Tal Chhapar Wildlife Sanctuary, Rajasthan: This Sanctuary provides a habitat for rare, endangered, and threatened species of flora and fauna. In an arid region, rainfall is minimal and erratic. The water used by the flora and fauna within the Sanctuary and by nearby villages primarily originates from the streams of water that flow from the mountainous area during the rains. Most of the communities that own livestock depend heavily on the grassland for grazing and on the nearby water body and its catchment areas, where the water flows from the adjacent hills. As per the guidelines and circular dated 31 July 2013, the Eco Sensitive Zone (ESZ) extends up to 10 km around the Tal Chhapar Sanctuary and covers the Gopalpura village and the adjacent mountainous area. However, under the Draft Notification, the abovementioned area is excluded or reduced to 3 km from the ESZ, which would lead to the granting of the Environmental Clearance by the Ministry of Environment, Forest and Climate Change and thus the resumption of commercial mining. Companies then undertook illegal commercial mining in the form of stone crushing activities.

Participants deliberate on the post-2020 global biodiversity framework and related targets in the workshop held from 24 to 26 June 2022 in Alwar, Rajasthan. Photo: KRAPAVIS

In addition to these four cases, the consultation also considered several other interrelated issues.

Local and tribal communities have been protecting forest areas through their ways of life, and their traditional practices and knowledge are outstanding. Forests have religious and cultural significance (such as Orans) in the lives of the tribes. In many protected areas, the core and buffer areas are opened up for tourism, which is causing problems for both local communities and wildlife. Livelihoods that are based on non-timber forest products and local agriculture and animal husbandry are disappearing.

Several issues emerged from the discussion on dislocation caused by protected areas: lack of any kind of assessment before dislocation that would have helped in systematic resettlement; lack of both adequate resettlement as well as adequate rehabilitation; neglect of the Forest Rights Act 2006 and Panchayats (Extension to Scheduled Areas) Act 1996, with the former securing the rights of tribal and other forest dwelling communities, and the latter recognizing tribal communities’ right to self-governance; and neglect of the Right to Fair Compensation and Transparency in Land Acquisition, Resettlement, and Rehabilitation Act 2013.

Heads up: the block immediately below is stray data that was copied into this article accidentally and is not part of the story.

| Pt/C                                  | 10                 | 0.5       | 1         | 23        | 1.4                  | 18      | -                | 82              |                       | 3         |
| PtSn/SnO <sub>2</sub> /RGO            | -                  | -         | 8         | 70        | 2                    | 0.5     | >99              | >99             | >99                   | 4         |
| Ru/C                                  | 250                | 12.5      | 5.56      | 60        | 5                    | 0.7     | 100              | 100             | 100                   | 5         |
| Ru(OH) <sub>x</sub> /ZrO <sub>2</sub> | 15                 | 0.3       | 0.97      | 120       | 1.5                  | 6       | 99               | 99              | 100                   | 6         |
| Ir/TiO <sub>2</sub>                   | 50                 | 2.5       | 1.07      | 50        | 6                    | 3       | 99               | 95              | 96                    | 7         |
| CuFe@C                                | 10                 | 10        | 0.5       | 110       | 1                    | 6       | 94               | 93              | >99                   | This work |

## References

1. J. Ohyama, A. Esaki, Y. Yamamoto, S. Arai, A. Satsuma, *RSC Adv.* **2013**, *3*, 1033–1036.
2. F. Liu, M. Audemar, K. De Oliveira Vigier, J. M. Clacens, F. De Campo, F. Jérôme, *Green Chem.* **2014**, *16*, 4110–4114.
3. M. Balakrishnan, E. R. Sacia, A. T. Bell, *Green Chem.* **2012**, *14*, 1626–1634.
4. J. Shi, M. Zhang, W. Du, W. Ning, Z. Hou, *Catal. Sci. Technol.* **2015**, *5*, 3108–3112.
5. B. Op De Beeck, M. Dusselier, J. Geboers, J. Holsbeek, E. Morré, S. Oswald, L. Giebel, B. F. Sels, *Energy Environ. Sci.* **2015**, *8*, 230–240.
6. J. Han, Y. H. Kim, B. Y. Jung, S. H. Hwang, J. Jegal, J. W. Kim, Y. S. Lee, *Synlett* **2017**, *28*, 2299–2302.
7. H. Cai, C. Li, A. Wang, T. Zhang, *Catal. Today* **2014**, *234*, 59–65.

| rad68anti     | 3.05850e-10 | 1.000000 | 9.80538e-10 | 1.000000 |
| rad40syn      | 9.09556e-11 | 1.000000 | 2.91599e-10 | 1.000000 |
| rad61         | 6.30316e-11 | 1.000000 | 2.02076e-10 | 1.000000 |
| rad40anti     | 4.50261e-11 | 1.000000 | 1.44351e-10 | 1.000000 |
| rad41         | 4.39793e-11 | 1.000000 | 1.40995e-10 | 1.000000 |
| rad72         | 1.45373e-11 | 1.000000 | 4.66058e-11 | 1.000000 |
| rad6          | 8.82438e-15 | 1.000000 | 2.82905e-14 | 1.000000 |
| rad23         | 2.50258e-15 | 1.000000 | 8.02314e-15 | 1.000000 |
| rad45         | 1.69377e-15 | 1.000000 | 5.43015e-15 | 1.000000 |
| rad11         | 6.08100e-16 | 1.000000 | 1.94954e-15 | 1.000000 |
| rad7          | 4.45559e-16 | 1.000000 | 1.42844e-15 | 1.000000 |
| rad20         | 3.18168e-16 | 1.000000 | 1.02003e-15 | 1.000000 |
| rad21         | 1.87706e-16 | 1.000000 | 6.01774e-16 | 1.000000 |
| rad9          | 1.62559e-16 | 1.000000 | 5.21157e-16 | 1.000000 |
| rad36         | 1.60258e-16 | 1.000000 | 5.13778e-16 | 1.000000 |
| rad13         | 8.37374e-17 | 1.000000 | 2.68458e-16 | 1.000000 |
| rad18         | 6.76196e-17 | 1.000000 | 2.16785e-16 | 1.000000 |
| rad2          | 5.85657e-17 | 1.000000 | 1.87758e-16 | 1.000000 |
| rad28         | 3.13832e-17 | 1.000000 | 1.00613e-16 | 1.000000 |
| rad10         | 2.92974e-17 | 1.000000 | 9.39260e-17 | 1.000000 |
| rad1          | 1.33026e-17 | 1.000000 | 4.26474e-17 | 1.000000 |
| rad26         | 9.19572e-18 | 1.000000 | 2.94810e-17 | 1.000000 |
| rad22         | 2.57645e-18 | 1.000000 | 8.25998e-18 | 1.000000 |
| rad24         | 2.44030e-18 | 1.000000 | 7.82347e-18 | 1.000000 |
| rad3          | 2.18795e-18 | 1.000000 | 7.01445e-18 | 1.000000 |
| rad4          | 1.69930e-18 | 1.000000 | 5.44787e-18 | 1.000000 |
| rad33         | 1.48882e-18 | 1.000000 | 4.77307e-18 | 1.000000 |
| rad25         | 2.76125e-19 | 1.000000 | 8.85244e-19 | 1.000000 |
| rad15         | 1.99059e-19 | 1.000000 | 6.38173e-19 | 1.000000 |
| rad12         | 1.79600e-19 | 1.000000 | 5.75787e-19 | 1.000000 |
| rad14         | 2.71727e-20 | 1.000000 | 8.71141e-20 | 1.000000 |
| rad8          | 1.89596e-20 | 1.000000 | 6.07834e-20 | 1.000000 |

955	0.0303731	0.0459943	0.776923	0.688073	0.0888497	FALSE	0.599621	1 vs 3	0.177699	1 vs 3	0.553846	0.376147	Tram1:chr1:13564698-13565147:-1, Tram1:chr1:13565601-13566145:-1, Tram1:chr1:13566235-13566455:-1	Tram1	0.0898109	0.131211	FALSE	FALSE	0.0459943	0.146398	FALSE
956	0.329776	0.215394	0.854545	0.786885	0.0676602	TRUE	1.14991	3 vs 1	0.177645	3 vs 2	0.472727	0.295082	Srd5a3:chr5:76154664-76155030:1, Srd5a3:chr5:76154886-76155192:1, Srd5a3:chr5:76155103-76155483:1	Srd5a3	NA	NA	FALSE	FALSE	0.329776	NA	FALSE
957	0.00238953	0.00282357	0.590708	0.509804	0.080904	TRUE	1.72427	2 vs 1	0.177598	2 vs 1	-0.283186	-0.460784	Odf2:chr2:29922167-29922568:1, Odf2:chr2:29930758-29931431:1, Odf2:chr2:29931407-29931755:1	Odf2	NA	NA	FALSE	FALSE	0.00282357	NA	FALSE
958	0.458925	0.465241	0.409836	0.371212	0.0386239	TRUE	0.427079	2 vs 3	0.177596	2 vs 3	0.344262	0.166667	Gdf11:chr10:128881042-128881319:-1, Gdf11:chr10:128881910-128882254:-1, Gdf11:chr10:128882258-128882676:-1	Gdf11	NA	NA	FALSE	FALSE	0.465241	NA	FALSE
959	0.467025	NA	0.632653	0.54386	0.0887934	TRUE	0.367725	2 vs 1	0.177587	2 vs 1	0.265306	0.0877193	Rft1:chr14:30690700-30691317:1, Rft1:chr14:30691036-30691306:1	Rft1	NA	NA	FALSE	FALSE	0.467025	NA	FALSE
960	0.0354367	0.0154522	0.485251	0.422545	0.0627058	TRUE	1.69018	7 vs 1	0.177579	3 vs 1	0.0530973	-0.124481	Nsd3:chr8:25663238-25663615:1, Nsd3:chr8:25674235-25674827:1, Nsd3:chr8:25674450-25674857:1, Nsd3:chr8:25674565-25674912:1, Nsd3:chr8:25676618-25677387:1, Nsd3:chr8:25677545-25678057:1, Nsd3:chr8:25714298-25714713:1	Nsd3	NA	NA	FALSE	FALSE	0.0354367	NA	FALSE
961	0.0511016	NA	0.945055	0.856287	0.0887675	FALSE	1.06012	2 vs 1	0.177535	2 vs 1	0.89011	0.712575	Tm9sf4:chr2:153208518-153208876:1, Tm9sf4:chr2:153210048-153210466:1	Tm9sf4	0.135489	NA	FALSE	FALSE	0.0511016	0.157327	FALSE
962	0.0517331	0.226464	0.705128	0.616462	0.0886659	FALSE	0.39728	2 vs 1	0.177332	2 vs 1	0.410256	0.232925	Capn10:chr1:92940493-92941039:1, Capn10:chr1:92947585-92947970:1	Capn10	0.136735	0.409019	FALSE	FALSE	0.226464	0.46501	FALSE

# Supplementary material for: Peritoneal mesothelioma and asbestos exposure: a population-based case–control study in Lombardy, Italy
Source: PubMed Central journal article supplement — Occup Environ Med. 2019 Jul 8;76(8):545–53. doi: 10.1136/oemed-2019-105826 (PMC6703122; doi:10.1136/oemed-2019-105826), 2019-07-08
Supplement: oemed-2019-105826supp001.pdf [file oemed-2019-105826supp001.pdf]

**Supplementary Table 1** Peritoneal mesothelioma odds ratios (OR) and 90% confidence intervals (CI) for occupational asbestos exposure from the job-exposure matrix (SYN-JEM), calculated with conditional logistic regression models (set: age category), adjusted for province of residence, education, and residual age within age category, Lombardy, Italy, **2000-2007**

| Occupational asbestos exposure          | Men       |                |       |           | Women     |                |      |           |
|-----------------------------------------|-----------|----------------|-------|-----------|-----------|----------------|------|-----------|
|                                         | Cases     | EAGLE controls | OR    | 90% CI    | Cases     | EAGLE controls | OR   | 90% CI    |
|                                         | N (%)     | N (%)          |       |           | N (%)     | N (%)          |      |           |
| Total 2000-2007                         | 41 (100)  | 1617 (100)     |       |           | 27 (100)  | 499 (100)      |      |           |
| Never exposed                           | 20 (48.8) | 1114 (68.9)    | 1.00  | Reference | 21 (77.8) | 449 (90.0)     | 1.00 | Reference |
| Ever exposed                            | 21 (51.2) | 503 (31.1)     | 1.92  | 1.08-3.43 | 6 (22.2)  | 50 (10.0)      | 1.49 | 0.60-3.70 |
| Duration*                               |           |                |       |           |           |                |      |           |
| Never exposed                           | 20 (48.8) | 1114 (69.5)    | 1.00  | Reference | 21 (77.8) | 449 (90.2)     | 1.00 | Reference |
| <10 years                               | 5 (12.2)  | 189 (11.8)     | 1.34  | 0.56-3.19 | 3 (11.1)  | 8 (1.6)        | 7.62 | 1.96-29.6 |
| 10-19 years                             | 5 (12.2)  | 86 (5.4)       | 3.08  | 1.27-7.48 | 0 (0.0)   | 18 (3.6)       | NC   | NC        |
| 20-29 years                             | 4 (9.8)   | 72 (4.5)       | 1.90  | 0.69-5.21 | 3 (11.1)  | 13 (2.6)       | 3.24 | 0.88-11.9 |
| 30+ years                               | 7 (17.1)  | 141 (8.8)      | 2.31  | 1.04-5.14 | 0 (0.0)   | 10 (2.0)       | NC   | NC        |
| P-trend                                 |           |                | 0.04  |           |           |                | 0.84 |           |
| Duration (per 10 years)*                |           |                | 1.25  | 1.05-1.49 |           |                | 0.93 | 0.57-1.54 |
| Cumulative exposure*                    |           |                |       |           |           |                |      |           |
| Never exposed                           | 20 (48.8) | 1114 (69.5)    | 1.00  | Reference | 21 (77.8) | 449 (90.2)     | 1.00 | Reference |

In addition to long-standing issues with exclusionary protected areas, new forms of energy production are posing additional challenges for communities. For example, developers are undertaking solar energy projects. Since solar is considered renewable energy, it is exempted from environmental impact assessments, even though the projects encroach on village pastures, water bodies, and community forests such as Orans. Social impact assessments are also not followed in planning and undertaking resettlement and rehabilitation. Once again, the Right to Fair Compensation and Transparency in Land Acquisition, Resettlement, and Rehabilitation Act 2013 has been neglected.

Lives of pastoralists revolve around Orans in Thar Desert, India. Photo: KRAPAVIS

Recommendations for the government

Participants agreed on the following recommendations for the government:

  • The State of Rajasthan may adopt an inclusive conservation approach in the implementation of the Biological Diversity Act2002, Wildlife (Protection) Act 1972, and Forest Right Act 2006.
  • The conservation efforts of organizations like KRAPAVIS and their networks may be utilized by the State Biodiversity Board in capacity building of Biodiversity Management Committees and preparation of People’s Biodiversity Registers.
  • The State Biodiversity Board of Rajasthan needs to make efforts to identify and notifying of potential Biodiversity Heritage Sites (with special emphasis on the Orans/Dev Van) under the provisions of Section 37 of the Biological Diversity Act.
  • Awareness generation, capacity building, and experience sharing programs may be conducted with the selected panchayat functionaries to operationalize the Biodiversity Management Committees and preparation and upgrading of People’s Biodiversity Registers; and
  • Village/panchayat level strategy and action plan for the conservation of biodiversity may be developed.

Conclusions and resolution

Participants discussed several issues related to inclusive and rights-based approaches to conservation during the consultation. Among other follow-up actions, they agreed that at least three state-level forums need to be constituted, namely:

  1. A forum for issues related to protected areas in Rajasthan.
  2. A forum for issues related to Orans in Rajasthan; and
  3. A forum for the implementation of issues related to the Forest Rights Act in Rajasthan.

Kalpavriksh and KRAPAVIS took the responsibility for coordinating the Protected Areas Forum; KRAPAVIS took the responsibility for coordinating the Oran Forum, and Seva Mandir will be the best organization to coordinate the Forest Rights Act Forum. These three organizations will work closely with each other on all three forums with FES (Foundation for Ecological Security) support.

The event was covered by local newspapers and television.